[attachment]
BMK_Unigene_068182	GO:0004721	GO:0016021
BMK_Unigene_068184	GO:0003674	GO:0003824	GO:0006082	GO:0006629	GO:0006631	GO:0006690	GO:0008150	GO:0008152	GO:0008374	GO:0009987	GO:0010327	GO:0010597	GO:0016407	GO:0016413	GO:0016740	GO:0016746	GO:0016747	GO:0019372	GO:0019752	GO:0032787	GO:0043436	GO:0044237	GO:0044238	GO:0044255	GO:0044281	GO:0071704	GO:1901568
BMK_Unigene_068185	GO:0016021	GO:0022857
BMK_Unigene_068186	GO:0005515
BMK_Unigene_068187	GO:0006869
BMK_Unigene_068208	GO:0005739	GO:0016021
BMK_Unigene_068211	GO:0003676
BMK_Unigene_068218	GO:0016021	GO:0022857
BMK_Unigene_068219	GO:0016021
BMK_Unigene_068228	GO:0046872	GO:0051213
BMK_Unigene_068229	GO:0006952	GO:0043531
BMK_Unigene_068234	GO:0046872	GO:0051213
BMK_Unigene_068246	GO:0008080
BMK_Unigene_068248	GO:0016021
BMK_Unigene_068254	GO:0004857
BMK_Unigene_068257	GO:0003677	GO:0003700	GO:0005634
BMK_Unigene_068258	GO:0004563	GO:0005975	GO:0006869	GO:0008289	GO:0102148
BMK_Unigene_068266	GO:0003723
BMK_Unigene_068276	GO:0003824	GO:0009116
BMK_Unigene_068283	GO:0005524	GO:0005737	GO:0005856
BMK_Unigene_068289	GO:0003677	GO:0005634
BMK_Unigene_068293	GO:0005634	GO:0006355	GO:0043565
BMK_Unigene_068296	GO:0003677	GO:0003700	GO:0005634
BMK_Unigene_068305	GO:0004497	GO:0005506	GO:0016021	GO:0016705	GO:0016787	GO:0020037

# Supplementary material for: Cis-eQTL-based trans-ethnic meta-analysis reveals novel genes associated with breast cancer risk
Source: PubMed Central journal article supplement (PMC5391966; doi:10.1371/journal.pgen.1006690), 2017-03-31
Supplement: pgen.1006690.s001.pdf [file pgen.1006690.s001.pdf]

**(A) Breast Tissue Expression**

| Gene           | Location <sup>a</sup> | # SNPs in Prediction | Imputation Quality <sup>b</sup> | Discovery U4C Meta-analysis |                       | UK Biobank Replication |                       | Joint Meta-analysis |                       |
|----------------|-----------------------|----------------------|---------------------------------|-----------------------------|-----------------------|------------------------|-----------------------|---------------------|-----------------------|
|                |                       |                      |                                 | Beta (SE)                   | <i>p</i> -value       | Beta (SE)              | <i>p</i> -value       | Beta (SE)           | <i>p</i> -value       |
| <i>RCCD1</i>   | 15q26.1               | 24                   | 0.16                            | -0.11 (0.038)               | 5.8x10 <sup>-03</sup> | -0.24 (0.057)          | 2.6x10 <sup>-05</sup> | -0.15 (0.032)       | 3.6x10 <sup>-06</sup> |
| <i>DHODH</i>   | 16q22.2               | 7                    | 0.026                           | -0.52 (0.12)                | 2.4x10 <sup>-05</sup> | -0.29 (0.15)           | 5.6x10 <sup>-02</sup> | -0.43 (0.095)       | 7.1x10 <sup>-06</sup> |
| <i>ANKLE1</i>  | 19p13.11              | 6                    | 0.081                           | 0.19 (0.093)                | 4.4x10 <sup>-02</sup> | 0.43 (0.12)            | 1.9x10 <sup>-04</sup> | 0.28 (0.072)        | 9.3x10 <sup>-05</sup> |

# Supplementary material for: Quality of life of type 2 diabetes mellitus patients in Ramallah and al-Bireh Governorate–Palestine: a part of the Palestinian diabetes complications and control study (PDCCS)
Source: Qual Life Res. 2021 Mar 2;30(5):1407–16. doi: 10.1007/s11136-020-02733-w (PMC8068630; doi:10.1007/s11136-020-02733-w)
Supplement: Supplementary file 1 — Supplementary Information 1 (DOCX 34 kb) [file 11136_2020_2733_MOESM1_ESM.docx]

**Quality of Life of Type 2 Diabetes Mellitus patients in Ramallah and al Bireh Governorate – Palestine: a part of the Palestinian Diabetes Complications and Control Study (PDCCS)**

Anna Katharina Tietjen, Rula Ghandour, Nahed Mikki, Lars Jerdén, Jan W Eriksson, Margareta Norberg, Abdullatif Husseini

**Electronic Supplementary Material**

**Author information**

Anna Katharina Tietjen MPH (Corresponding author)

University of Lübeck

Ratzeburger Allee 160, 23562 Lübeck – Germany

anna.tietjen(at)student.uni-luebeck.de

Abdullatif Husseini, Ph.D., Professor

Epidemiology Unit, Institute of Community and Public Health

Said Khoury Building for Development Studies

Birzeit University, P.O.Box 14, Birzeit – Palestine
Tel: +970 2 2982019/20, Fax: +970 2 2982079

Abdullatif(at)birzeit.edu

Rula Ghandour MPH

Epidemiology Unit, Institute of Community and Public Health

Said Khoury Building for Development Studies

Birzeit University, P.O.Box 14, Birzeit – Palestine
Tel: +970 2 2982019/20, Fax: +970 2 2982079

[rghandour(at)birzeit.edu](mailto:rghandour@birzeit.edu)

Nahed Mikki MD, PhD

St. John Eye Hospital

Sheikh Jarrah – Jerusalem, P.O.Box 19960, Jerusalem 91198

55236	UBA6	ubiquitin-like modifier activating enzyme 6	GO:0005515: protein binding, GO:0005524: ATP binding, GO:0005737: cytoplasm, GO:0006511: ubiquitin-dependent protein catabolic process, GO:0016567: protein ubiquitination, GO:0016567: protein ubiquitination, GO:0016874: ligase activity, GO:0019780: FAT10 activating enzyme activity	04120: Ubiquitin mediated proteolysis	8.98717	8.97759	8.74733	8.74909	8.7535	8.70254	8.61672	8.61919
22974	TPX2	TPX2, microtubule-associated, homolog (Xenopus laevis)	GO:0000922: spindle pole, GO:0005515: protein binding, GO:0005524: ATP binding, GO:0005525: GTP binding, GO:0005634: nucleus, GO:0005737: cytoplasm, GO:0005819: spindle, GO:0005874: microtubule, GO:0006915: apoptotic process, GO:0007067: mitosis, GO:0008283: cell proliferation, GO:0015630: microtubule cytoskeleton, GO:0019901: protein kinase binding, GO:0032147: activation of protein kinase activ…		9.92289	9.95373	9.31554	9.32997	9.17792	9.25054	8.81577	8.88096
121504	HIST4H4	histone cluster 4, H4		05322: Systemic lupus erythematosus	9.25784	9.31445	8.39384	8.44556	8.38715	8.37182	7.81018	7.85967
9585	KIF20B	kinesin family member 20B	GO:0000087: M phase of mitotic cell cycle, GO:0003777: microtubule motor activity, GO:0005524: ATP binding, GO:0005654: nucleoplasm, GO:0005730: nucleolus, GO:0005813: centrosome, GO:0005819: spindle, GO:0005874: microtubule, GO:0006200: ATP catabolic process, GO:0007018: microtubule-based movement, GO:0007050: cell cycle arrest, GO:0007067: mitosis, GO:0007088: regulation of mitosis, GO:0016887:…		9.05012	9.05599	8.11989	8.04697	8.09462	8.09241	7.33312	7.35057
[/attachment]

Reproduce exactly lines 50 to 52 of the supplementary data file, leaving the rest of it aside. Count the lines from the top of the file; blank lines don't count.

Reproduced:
Tel: +970 2 2982019/20, Fax: +970 2 2982079

Abdullatif(at)birzeit.edu

Rula Ghandour MPH